The Netherlands is deeply involved in one of the core labour standards namely the prohibition of child labour (laid down in ILO Convention 138 on minimum age and Convention182 against the worst forms of child labour). Convention 182 provides that each member that ratifies the Convention must create and implement a Programme of Action for measures to combat the worst forms of child labour. The Dutch Programme of Action is not so much directed at eliminating the worst forms of child labour by means of regulatory measures, but will concentrate on preventing children ending up in some form of child labour, and on the enforcement of the existing legislation, which already prohibits the worst forms of child labour. This means that the projects mentioned in the Programme of Action are aimed primarily at prevention, education and supervision. In 2010, 10 years after the coming into force of ILO Convention 182 efforts must be stepped up if we are to deliver the commitment of a world free of the worst forms of child labour by 2016. In order to meet that challenge, the Dutch Ministry of Social Affairs and Employment, in close collaboration with the ILO (and in cooperation with UNICEF and the World Bank), organized a global conference on child labour to be held in The Hague (The Netherlands).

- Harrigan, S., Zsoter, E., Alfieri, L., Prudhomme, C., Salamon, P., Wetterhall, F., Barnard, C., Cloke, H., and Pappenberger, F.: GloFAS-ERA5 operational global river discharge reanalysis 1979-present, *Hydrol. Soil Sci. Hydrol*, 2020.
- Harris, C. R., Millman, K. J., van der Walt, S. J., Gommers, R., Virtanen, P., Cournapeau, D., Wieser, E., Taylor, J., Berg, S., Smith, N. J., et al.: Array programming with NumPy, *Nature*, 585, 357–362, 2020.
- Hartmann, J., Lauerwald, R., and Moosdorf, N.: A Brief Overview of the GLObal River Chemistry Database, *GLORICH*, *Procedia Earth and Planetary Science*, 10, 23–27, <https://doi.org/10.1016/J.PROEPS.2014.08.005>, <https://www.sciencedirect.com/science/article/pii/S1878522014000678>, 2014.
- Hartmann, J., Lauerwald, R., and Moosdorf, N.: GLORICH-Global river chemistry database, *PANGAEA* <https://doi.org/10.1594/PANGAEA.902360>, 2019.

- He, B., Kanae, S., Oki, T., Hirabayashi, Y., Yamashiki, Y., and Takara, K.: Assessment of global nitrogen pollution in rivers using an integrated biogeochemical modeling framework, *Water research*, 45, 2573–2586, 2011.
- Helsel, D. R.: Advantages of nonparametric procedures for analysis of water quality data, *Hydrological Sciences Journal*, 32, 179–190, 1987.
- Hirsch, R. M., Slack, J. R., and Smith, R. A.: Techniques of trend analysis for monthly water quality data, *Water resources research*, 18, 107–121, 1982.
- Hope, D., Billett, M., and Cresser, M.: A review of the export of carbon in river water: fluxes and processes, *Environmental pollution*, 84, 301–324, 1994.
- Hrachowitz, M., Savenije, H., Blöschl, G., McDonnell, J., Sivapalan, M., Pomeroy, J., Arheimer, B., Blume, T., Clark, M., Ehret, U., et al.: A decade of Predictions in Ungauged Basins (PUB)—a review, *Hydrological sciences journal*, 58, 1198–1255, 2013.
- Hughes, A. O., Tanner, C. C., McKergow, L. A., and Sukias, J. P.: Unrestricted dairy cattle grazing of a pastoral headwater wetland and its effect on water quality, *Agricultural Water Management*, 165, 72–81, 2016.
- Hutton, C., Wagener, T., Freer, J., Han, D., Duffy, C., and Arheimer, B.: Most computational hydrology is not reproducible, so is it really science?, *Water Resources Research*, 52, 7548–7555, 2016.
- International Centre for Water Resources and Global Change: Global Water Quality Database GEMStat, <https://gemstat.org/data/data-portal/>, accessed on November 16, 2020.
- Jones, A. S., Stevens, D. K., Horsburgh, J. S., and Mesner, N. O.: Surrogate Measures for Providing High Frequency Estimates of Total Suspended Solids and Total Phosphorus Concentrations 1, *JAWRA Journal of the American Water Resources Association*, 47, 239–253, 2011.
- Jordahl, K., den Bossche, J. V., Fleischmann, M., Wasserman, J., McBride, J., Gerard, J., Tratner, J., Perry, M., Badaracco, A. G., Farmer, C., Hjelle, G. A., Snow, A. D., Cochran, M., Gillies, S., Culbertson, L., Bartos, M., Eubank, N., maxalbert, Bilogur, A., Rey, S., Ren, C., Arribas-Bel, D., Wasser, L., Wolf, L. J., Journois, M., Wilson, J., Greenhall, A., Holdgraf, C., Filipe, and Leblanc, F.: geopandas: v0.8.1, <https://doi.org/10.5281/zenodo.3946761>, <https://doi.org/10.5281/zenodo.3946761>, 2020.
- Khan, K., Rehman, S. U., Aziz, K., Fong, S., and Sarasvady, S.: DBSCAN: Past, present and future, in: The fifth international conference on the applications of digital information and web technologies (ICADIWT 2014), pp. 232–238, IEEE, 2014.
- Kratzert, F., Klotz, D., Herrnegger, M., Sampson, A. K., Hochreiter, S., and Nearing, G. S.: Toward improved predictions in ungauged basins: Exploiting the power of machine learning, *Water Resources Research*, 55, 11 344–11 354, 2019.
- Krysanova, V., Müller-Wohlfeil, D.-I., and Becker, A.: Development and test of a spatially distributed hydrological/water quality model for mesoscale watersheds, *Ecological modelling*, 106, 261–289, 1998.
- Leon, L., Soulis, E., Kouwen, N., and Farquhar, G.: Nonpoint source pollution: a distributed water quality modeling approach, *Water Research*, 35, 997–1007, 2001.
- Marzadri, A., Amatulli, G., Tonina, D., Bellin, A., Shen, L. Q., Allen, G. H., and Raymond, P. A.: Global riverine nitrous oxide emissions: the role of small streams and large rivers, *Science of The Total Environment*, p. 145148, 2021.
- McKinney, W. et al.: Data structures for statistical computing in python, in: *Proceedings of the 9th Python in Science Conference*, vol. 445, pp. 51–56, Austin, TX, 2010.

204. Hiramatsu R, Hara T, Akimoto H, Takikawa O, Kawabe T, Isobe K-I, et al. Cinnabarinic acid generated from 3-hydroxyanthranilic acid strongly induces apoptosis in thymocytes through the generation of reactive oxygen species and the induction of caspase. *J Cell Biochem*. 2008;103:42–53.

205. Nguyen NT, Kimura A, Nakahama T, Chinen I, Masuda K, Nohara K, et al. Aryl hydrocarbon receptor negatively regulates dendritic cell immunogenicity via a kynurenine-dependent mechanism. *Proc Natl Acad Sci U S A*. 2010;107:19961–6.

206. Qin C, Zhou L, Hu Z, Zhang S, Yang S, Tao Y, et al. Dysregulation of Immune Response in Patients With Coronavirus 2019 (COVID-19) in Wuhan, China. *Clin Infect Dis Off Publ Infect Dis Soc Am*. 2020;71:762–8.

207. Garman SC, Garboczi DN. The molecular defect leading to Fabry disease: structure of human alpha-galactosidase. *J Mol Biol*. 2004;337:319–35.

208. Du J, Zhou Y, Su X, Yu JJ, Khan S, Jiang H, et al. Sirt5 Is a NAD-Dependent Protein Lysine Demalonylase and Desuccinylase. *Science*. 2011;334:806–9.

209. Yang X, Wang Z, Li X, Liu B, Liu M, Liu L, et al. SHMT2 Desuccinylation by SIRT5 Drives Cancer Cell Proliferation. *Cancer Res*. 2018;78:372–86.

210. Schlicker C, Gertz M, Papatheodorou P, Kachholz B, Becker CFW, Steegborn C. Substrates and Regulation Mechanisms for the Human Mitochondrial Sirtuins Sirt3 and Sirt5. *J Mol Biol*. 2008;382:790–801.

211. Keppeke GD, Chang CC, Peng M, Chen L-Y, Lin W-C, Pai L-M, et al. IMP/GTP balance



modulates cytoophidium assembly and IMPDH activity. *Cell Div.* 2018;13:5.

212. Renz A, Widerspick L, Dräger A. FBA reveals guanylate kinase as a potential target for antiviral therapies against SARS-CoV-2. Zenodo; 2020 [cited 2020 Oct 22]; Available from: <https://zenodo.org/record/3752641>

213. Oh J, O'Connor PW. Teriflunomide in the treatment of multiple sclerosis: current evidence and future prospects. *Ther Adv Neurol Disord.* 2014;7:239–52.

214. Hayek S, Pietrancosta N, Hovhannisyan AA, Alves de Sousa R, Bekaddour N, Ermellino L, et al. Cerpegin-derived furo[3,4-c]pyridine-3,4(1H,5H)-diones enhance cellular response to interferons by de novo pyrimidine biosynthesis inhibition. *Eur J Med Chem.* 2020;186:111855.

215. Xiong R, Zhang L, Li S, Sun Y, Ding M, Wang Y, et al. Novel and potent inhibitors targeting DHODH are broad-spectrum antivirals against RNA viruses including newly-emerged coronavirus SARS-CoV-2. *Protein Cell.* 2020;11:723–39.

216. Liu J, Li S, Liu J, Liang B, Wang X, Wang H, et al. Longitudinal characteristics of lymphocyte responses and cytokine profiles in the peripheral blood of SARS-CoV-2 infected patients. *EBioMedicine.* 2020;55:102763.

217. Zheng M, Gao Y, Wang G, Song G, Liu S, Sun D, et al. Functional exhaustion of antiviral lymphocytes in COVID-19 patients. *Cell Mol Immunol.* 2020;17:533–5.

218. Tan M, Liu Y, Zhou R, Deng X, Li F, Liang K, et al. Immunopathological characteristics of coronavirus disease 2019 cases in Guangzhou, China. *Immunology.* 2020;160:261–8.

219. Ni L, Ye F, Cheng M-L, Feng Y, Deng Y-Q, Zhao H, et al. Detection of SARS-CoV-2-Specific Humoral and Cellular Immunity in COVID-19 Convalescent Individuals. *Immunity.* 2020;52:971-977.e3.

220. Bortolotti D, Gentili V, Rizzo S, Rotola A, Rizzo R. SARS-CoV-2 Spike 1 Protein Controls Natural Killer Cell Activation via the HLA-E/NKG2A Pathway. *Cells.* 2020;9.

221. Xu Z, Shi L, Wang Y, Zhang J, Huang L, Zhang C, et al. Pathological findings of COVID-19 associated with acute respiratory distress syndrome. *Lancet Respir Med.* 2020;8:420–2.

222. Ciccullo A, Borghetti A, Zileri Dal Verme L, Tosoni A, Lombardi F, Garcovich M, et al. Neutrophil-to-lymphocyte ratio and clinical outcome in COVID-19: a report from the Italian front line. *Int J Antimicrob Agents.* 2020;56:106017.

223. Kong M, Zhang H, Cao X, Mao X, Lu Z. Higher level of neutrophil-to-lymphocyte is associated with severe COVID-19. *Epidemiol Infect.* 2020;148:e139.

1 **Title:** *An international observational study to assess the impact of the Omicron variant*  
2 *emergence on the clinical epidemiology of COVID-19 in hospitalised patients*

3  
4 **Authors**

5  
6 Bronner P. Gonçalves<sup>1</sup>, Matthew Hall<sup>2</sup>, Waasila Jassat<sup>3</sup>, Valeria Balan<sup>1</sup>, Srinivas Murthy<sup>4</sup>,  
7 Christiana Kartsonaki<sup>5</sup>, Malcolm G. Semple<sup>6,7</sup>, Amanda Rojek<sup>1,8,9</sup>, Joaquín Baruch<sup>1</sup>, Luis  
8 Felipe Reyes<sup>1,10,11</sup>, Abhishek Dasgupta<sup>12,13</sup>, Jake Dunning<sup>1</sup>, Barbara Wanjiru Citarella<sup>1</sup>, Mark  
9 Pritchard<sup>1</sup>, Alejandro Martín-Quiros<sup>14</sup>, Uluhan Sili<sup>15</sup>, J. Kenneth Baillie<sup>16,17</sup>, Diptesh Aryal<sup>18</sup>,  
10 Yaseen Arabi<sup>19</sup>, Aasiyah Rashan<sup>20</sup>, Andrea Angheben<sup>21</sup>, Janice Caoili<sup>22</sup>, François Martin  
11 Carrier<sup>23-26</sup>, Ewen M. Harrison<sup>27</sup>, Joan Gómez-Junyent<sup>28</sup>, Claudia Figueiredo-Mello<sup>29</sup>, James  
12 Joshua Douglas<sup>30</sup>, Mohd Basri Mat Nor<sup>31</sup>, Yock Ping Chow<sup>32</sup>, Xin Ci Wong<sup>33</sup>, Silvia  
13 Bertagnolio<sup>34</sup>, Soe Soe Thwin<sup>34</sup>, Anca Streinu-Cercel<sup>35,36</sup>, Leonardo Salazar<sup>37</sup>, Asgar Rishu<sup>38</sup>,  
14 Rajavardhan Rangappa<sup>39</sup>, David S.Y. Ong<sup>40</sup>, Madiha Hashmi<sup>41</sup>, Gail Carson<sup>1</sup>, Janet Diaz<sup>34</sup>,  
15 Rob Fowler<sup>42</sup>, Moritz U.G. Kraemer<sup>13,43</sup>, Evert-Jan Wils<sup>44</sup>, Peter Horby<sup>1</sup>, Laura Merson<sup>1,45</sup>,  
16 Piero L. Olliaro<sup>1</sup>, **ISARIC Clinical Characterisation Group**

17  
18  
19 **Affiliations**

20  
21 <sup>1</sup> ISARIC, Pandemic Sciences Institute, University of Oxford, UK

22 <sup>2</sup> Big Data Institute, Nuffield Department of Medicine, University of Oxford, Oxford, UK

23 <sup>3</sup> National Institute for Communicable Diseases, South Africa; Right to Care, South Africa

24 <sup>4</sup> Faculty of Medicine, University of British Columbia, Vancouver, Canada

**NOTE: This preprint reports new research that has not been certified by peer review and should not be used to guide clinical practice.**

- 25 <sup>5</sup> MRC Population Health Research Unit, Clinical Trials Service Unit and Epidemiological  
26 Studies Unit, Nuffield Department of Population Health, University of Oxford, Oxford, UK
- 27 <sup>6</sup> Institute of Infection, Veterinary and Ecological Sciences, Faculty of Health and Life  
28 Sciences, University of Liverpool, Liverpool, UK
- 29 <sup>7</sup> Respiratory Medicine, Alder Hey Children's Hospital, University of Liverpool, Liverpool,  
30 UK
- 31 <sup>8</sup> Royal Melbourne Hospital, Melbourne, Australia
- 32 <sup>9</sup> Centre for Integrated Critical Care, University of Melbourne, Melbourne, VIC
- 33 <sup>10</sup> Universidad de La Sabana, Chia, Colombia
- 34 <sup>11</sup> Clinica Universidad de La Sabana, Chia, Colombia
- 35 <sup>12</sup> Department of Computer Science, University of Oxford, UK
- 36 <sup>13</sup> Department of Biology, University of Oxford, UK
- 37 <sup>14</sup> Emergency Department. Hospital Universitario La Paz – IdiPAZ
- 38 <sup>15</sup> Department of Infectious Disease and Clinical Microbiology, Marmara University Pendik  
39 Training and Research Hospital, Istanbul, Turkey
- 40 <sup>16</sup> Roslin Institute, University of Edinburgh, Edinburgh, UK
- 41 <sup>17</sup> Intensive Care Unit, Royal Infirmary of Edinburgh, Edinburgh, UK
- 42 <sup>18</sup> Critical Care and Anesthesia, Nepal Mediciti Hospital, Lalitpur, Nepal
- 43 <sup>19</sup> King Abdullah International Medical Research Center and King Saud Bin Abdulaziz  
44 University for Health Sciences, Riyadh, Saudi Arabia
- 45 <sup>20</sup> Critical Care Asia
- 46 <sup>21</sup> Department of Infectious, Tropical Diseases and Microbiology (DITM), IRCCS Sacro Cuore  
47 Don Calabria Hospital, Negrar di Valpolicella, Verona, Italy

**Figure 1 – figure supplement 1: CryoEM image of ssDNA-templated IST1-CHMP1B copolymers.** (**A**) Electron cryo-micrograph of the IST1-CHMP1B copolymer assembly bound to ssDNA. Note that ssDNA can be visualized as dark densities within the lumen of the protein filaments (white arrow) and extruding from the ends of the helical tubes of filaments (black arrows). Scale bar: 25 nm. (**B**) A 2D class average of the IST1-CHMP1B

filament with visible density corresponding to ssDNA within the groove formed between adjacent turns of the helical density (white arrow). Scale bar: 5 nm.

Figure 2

ILO Conventions – The Dutch viewpoint
The Netherlands strongly adheres to the fundamental ILO Conventions. Denouncing them is fully out of the question. Technical Conventions, however, should, in the opinion of the Dutch government, where possible be consolidated and modernised. The Netherlands favours Conventions with minimum standards and basic rights in general terms, instead of overly detailed Conventions which are not flexible and are less likely to be ratified. A good process has been the consolidation and modernisation of the maritime conventions. This resulted in the Maritime Labour Convention that was adopted on in 2006 and consolidates and updates more than 65 international labour standards related to seafarers adopted over the last 80 years. One example of existing technical Conventions that could be modernized are the social security Conventions.